At the next crossing, I pause marveling at the amount of shade provided by all the alder trees growing along the creek. Here, in the dappled sunlight, even the poison oak with its gold and red leaves seems magical.

The trail crosses the creek two more times, and at the third crossing, looking downstream, I notice that the creek appears to just drop off suggesting that there’s a small cascade to be found. I make my way towards it, pushing through some poison oak, which is now seeming a little less magical, and scramble down the rock face to visit the pool and take in the cascade.

Past the third crossing, the trail climbs above the creek, offering views of the canyon in both directions, before then arriving at the fourth crossing, which is completely dry. I don’t know it yet, but here is where the real work begins. Over the next mile and a quarter the trail gains 1,600 feet.

The first part of the climb is exposed, leading through mostly scrub oak and ceanothus. As I climb, I find myself pausing more frequently, the hike seeming longer than I remember from last time. The trail then, transitions into a stand of big cone spruce and canyon live oak, which offer some shade, but not an end to the uphill.

Eventually the trail crests out of the canyon and I arrive at a refreshingly level area filled with Jeffrey pines, sugar pines, and cedar. Nearby, I can hear two Steller’s jays calling to one another and suspect that there must be some water in the vicinity. The trail soon arrives at a trail sign, seemingly in the middle of nowhere. Past the sign, the trail crosses a small creek and then arrives at the turnoff for Pine Mountain Lodge Camp, which is also the beginning of Cedar Creek Trail. Past the turnoff, Gene Marshall-Piedra Blanca Trail is currently closed due to the Pine Fire.

I cross the creek, which has barely a trickle of water in it. The camp has four sites close together, each with a fire ring and adjustable grill.

The camp takes its name from the lodge that was built in the area in 1895, by a group of hunters and outdoorsmen who called themselves the Sisquoc Rangers. Often spending the better part of the summer hunting in the area they had decided to pool their resources and build a cabin to serve as a base for their extended stays. The 16 x 20 foot lodge was built from native pines and cedar, and included a stone fireplace; and was said to have enough space to accommodate twelve people.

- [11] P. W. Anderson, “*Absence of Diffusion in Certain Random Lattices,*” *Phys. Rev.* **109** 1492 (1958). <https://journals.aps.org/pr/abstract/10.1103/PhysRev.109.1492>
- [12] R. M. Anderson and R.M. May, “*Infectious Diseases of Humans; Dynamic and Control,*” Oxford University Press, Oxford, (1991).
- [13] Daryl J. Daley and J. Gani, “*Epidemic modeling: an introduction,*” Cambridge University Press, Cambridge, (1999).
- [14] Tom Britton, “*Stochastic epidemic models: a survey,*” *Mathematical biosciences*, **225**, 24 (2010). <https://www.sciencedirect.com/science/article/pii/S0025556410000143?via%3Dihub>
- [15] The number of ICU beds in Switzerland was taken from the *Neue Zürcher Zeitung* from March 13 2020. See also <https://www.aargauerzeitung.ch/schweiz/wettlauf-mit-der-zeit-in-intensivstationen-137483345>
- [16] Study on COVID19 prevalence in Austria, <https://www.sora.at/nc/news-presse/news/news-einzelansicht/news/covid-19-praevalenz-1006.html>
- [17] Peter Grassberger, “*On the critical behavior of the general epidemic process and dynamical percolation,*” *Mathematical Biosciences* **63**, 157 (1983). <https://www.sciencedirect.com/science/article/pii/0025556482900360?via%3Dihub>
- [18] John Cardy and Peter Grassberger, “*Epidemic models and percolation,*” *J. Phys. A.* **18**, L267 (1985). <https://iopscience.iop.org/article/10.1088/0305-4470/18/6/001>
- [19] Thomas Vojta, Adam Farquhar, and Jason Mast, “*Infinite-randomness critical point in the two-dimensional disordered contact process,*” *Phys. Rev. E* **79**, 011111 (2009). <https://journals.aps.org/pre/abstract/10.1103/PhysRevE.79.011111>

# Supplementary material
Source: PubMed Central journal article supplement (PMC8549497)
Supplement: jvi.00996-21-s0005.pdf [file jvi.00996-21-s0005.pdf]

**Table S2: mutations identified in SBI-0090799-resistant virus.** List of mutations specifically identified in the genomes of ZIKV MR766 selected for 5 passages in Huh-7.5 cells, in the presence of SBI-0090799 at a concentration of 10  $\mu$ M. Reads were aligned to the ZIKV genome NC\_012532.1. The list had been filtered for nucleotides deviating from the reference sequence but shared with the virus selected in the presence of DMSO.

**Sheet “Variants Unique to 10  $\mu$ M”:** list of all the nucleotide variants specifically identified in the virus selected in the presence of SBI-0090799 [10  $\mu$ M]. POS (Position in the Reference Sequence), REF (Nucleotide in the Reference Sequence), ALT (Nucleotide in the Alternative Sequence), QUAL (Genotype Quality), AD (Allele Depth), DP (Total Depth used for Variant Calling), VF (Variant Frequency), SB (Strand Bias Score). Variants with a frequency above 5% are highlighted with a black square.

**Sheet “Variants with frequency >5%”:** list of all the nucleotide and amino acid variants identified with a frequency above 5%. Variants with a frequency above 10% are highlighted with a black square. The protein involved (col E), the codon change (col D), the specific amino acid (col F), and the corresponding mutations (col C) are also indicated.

In 1898, the Pine Mountain and Zaca Lake Forest Reserve was created and local rangers began using the site as well. As time went by the lodge fell into disrepair, until the forest service was ready to tear it down, however public outcry saved the structure.

Then, ironically, an effort to preserve the lodge through preventative maintenance dealt the final blow. Around 1945, the forest service decided to remove an ailing pine growing next to the lodge over concerns that it would fall onto the building. Using a block and tackle to guide the tree, they cut down the troublesome pine only to have the block and tackle break and the tree fall directly on top of the lodge splitting the roof in half.

The lodge was never repaired. Over the years the logs were used for firewood and the chimney stones gathered by campers to make fire rings, and the remains of the lodge slowly disappeared.

Just as I leave the camp, I notice a use trail continuing upstream along the eastern side of the creek. The trail leads up a side canyon to several small pools with flowing water fed by the spring further upstream.

I filter some water, and add the camp to the list of viable destinations for the fall; and make the return hike, grateful that the balance of the hike is downhill.

This article originally appeared in Section A of the November 14th, 2016 edition of Santa Barbara News-Press.

Pine Mountain Lodge Gene Marshall Piedra Blanca trail hiking backpacking Ojai Sespe Wilderness Los Padres National Forest

Scenery near Pine Mountain Lodge